Tag Archives: photoshop elements

Not Perfect, Just Better

Do you have goals you would like to pursue, but you don’t because they just seem too difficult? Say, learn another language? Learn money-making skillz? Lose those extra LBs?

When you try to achieve goals but aren’t successful as quickly as you would like, do you get frustrated and give up?

I know I have.

Not Perfect Just BetterLet me tell you about one of my failures.

I had thought for years that I should learn to use Photoshop so I could give my photos a little extra punch.

I even purchased Photoshop. Actually, not full Photoshop, but Photoshop Elements, a powerful but simpler (and less expensive) photo editing program.

But when I opened the program, it looked dauntingly complicated. There were lots of strange terms such as “layers” and the screen had so many icons, menus and selections that it looked like the cockpit of a jet fighter.

I froze. Because I didn’t think I could master Elements, I didn’t try. The program sat on my computer, unused.

Recently, I decided to try again to learn Elements. This time, thought, I tried a different approach. I changed my way of thinking.

And it worked!

This time, instead of focusing on my ultimate goal of mastering Elements, I decided to just learn one skill. I just concentrated on getting better than I was (which wasn’t difficult).

Guided by a YouTube video, I learned how to remove an object from a photo. Using something called the Clone Stamp Tool, I removed a distracting telephone pole from a picture. These are the before and after photos.

Old car and pole

Old car without pole

Even though it was a pretty clumsy job, when I learned that skill, I was jazzed. At that point, I knew about 1% of what there was to know about Elements, but I felt a tremendous sense of accomplishment. I was inspired to learn another skill. So I did.

And then another.

Persistently getting better, skill by skill, was empowering.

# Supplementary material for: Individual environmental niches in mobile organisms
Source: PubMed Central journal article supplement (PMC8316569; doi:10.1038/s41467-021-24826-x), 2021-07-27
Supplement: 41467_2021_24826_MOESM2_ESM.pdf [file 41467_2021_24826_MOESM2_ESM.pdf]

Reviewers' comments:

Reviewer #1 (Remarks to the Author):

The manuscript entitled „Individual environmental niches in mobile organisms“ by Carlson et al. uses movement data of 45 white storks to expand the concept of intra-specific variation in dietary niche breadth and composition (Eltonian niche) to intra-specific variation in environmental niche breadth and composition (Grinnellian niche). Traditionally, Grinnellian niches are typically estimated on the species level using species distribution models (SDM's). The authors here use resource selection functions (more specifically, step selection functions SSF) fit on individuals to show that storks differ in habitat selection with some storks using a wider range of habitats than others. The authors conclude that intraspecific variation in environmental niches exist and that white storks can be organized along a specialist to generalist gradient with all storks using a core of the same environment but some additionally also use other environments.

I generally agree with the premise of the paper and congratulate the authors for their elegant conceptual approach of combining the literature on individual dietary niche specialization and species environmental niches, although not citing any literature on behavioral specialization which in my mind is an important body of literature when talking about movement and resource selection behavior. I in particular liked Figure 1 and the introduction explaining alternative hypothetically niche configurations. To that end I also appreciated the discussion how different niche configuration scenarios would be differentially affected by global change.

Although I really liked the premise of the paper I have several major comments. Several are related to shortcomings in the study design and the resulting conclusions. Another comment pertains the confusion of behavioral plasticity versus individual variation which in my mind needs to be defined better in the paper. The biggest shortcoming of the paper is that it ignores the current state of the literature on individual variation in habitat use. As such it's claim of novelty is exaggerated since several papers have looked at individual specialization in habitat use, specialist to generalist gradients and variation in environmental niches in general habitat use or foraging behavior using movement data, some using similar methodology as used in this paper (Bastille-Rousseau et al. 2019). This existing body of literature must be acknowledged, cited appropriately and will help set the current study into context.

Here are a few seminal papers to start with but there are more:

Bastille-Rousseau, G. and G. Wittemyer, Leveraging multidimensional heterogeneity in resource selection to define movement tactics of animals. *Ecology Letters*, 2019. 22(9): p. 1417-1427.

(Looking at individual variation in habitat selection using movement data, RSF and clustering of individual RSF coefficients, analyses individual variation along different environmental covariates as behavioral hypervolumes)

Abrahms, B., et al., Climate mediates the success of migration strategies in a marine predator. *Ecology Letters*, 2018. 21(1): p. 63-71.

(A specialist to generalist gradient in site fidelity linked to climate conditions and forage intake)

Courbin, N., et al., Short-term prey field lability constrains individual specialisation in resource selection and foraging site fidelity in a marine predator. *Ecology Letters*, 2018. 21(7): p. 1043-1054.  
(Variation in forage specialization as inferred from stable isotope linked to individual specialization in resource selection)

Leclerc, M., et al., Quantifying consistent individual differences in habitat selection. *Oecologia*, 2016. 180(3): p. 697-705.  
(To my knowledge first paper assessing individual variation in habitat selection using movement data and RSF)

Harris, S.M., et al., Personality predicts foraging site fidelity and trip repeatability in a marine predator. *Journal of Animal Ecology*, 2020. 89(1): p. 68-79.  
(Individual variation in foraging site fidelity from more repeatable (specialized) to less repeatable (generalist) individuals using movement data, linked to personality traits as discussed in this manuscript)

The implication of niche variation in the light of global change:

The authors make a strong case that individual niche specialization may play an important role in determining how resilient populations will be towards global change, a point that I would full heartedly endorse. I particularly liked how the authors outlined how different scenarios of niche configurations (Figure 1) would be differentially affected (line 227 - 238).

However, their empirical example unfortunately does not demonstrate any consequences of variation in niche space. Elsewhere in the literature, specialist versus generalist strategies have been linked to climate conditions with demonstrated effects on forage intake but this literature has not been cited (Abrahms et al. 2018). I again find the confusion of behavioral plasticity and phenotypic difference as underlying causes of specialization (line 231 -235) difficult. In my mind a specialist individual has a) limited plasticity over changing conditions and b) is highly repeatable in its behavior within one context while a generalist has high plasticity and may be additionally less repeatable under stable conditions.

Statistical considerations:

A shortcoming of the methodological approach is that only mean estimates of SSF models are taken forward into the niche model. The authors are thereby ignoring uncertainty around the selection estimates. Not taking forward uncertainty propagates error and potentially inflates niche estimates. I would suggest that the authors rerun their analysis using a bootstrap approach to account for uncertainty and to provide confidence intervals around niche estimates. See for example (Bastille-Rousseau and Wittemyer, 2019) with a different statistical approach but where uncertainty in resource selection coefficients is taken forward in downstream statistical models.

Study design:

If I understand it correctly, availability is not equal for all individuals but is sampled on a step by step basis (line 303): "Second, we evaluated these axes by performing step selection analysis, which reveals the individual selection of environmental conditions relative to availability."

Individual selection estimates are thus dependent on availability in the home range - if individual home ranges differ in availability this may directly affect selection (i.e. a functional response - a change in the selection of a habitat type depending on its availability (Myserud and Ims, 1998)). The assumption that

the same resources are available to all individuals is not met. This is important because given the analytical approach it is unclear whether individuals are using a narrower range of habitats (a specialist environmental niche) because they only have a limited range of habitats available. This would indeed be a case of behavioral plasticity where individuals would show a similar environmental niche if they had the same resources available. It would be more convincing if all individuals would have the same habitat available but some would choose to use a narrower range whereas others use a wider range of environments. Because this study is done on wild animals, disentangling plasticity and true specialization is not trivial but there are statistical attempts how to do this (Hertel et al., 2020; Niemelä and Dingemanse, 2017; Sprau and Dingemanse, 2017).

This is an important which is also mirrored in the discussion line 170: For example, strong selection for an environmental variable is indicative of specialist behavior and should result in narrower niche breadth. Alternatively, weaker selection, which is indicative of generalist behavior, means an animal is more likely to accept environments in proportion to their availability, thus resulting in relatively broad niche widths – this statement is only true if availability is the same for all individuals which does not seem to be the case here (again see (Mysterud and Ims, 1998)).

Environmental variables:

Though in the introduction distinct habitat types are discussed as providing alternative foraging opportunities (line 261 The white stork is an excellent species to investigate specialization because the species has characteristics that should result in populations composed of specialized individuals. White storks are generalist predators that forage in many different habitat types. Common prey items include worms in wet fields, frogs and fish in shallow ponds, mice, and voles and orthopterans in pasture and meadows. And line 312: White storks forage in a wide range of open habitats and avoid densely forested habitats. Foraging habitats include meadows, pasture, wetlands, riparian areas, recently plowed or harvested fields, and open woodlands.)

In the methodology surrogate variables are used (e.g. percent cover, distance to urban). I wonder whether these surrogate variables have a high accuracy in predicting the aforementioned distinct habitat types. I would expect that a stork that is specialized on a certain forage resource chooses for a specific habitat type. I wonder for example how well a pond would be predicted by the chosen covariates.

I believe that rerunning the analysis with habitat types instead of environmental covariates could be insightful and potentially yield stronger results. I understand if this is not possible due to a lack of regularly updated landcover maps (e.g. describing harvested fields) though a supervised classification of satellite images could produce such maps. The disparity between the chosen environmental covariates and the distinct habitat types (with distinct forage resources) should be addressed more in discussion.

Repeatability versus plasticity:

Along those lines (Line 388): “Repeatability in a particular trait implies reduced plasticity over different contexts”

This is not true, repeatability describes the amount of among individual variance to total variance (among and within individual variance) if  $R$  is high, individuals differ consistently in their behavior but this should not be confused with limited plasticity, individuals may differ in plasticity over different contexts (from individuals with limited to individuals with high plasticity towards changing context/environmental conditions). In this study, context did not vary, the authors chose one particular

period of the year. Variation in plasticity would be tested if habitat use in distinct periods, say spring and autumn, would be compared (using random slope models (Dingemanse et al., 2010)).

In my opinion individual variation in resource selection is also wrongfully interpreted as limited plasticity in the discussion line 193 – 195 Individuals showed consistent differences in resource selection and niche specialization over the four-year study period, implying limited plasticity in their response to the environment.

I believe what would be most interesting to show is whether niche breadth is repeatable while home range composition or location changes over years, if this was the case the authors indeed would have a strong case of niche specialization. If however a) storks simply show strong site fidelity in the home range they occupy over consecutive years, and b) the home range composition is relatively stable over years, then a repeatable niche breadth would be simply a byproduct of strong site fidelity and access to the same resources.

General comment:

Instead of being frustrated because I was miles from “perfecting” my use of Elements, I was energized by my progress.

I kept thinking: “You don’t have to be perfect, just better. Just keep at it. Make persistent, incremental improvements.”

Using this approach, I have now learned quite a few Photoshop Elements skillz and I’m still inspired to learn more.

In addition to learning Elements, I stumbled onto a strategy that I can use to achieve other goals.

Whether we think we can or we think we can’t, we are probably right. That is, our expectations are powerful predictors of whether we will succeed.

When we focus on gigantic goals that we don’t relieve believe we can achieve, we probably won’t.

Instead, we have to focus on goals we think are achievable. Making some progress, getting a little better, is achievable. So that is what I focused on.

It’s really this simple: To achieve your goals, forget about being perfect. Just be better today than you were yesterday. Then, do the same thing tomorrow. And don’t give up.

I’m Like A Kid With A New Toy

Although I don’t now, I have had a boat much of my life. Just a small bowrider for skiing and enjoying the sun and the water on a pretty day.

One of my favorite boating activities is teaching beginners to water ski.

When the beginner “gets it,” whether on the first attempt of the fiftieth, the fun begins.